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the Literary Saloon at the Complete Review
opinionated commentary on literary matters - from the complete review

The Literary Saloon Archive

21 - 31 December 2023

21 December: Sahitya Akademi Awards | New World Literature Today | Maigret and the Saturday Caller review
22 December: Prix Grand Continent | New Latin American Literature Today | Zola and shopping
23 December: Japanese literature (not yet) in translation | Barack Obama's 2023 favorites
24 December: Coming in 2024
25 December: Endō Shūsaku Literary Museum | The Riven Heart of Moscow review
26 December: Du Fu museum | UK poetry sales boom
27 December: Greek-Chinese translation | 'Death-positive' literature
28 December: Mekong River Literature Awards | The Lineage of the Raghus review
29 December: Bestselling in France in 2023 | 'Japan's Prizewinning Books of 2023' | Marie review
30 December: Jalal Al-e Ahmad Literary Awards | Science fiction in Japan
31 December: Translations from Arabic, 2023 | Wole Soyinka profile | Translation Q & As | More coming in 2024

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31 December 2023 - Sunday

Translations from Arabic, 2023 | Wole Soyinka profile
Translation Q & As | More coming in 2024

       Translations from Arabic, 2023

       ArabLit has a useful overview of what was Published in 2023: Arabic Literature in Translation -- not just into English, but into a variety of other languages (always interesting to see, what gets translated elsewhere).

       (One title missing from the English list is Reem Bassiouney's Al-Qata'i, which I have and am looking forward to getting to; see also the Georgetown University Press publicity page.)

(Posted by: M.A.Orthofer)    - permanent link -

       Wole Soyinka profile

       In the Nation Tony Mochama reports on A chat with Wole Soyinka during Chinese literary festival.
       Among the Chronicles From the Land of the Happiest People on Earth-author's observations:
I reject the term ‘Artificial Intelligence.’ All knowledge is a creation of human beings, including language, so that as a Yoruba, I will not presume to translate what AI means in English, as it is not my original language. I only have ‘artificial knowledge’ of the English language, do you see ?
       And one good gossip-titbit:
     The Polish Professor, Dariusz Tomasz Lebioda, is curious as to where Prof Wole Soyinka keeps his Nobel Prize for Literature medal.
     “Actually, I lost it,” Soyinka reveals.
     “What do you mean ‘lost’ it, sir?” Zhao Si cannot help it.
     “To be more accurate, my publisher lost it,” Wole Soyinka says, graciously not revealing which of his many publishers. “They borrowed it, maybe to represent me in absentia, for an event. It disappeared, completely ...”

(Posted by: M.A.Orthofer)    - permanent link -

       Translation Q & As

       At Sayari Debnath has Interviews: 2022 NIF Translation Fellows Rahul Srawate, NS Gundur, V Ramaswamy and Amlan Biswas -- the NIF Translation Fellowship winners who were each 'awarded a grant of Rs 6 lakh to translate a work of Indian nonfiction in English'.

(Posted by: M.A.Orthofer)    - permanent link -

       More coming in 2024

       I mentioned a bunch of 'coming in 2024'-lists a week ago, and here are a few more -- though, as the headlines of the first two suggest, the range of these isn't that great .....:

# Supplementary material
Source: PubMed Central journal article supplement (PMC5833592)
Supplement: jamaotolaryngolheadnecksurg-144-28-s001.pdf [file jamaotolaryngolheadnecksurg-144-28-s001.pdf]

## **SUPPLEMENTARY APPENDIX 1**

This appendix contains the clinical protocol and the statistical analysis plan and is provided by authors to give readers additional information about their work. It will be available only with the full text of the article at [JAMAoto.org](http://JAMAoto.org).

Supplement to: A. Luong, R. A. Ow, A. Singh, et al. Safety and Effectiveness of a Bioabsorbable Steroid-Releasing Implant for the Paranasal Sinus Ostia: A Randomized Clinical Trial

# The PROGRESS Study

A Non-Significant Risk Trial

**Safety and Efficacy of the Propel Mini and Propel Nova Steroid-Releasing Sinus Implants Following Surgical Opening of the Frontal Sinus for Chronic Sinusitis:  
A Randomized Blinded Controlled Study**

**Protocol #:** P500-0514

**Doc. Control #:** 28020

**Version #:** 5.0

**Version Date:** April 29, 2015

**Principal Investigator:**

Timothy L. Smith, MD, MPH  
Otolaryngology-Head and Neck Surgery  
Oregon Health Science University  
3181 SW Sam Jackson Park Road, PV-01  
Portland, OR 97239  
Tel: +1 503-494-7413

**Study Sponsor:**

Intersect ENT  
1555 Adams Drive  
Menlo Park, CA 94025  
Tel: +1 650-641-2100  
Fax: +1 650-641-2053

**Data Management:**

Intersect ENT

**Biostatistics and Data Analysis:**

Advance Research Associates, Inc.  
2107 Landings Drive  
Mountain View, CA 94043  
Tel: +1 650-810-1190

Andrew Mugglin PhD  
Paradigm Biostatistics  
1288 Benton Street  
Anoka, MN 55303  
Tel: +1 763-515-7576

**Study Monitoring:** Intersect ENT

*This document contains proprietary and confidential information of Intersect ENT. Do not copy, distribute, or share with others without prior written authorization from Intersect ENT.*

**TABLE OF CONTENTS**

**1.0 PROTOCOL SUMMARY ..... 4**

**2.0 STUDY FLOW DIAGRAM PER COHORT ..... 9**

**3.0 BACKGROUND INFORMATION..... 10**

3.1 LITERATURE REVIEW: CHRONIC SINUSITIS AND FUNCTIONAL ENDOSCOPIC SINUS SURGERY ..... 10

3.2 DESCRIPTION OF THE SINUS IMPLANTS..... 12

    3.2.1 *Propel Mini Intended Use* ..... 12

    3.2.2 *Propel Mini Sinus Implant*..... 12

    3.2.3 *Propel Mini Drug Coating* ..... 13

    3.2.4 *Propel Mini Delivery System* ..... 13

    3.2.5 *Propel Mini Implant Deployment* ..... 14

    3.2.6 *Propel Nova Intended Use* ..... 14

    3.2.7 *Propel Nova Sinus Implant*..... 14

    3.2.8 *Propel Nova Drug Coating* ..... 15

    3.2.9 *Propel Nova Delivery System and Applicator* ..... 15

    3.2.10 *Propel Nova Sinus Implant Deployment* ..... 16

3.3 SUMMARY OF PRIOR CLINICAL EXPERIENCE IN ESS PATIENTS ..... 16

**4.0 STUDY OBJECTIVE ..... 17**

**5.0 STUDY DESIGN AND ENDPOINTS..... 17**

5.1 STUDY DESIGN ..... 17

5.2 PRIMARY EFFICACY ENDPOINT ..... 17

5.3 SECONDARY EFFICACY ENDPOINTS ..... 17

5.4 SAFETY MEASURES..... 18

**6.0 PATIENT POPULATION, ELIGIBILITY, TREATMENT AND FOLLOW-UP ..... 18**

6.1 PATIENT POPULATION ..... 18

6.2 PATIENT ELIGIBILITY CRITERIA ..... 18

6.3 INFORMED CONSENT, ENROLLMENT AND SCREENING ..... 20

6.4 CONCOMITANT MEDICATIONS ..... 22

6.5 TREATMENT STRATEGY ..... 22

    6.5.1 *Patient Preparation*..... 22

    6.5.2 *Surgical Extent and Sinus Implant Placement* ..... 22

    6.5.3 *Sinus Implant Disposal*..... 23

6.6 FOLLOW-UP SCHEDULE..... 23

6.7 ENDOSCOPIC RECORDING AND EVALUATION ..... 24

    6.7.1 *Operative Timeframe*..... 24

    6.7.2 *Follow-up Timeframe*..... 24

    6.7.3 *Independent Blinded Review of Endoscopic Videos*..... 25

(Posted by: M.A.Orthofer)    - permanent link -

30 December 2023 - Saturday

Jalal Al-e Ahmad Literary Awards | Science fiction in Japan

       Jalal Al-e Ahmad Literary Awards

       They've announced the winners of this year's Jalal Al-e Ahmad Literary Awards, one of the leading Iranian literary prizes; see, for example, the Tehran Times report, Jalal Literary Awards announces winners, or the IBNA report (Persian).
       (Recall also, as I mentioned recently, that this is the Jalal Al-e Ahmad-centenary year.)

       Two works shared the novel prize: Ebrahim Akbari-Dizgah's بیروط ('Beirut'; see the Saad publicity page) and Azam Azimi's غم‌سوزی ('Sorrow-Burning'; see the Adab publicity page).
       There was no winner in the literary review category, but Soghra Salehi did receive an honorable mention for the promising-sounding آخرالزمان در رمان‌های آپوکالیپتیک ('Apocalyptic End Times in Novels'; see the publisher's publicity page).

       Unfortunately, I don't think we'll be seeing any of these in translation soon; very little Iranian writing that gets published in Iran makes it into translation, especially in recent years.

(Posted by: M.A.Orthofer)    - permanent link -

       Science fiction in Japan

       At Eli K.P. William has two articles, finding A Science Fiction Rejuvenation in the New Era: Looking Back at 60 Years of Japanese Sci-Fi and profiling the SFWJ, in Sixty Years of the Science Fiction and Fantasy Writers of Japan
       A few works by some of the authors mentioned here are under review at the complete review -- works by Tsutsui Yasutaka (e.g. Salmonella Men on Planet Porno), Project Itoh (Harmony), and Fujii Taiyō (e.g. Gene Mapper), for example.

(Posted by: M.A.Orthofer)    - permanent link -

29 December 2023 - Friday

Bestselling in France in 2023 | 'Japan's Prizewinning Books of 2023'
Marie review

       Bestselling in France in 2023

       At Livres Hebdo they list the 50 bestselling titles in France in 2023 -- unfortunately mostly without actual sales numbers; see also the GFK press release, which does include a few sales numbers.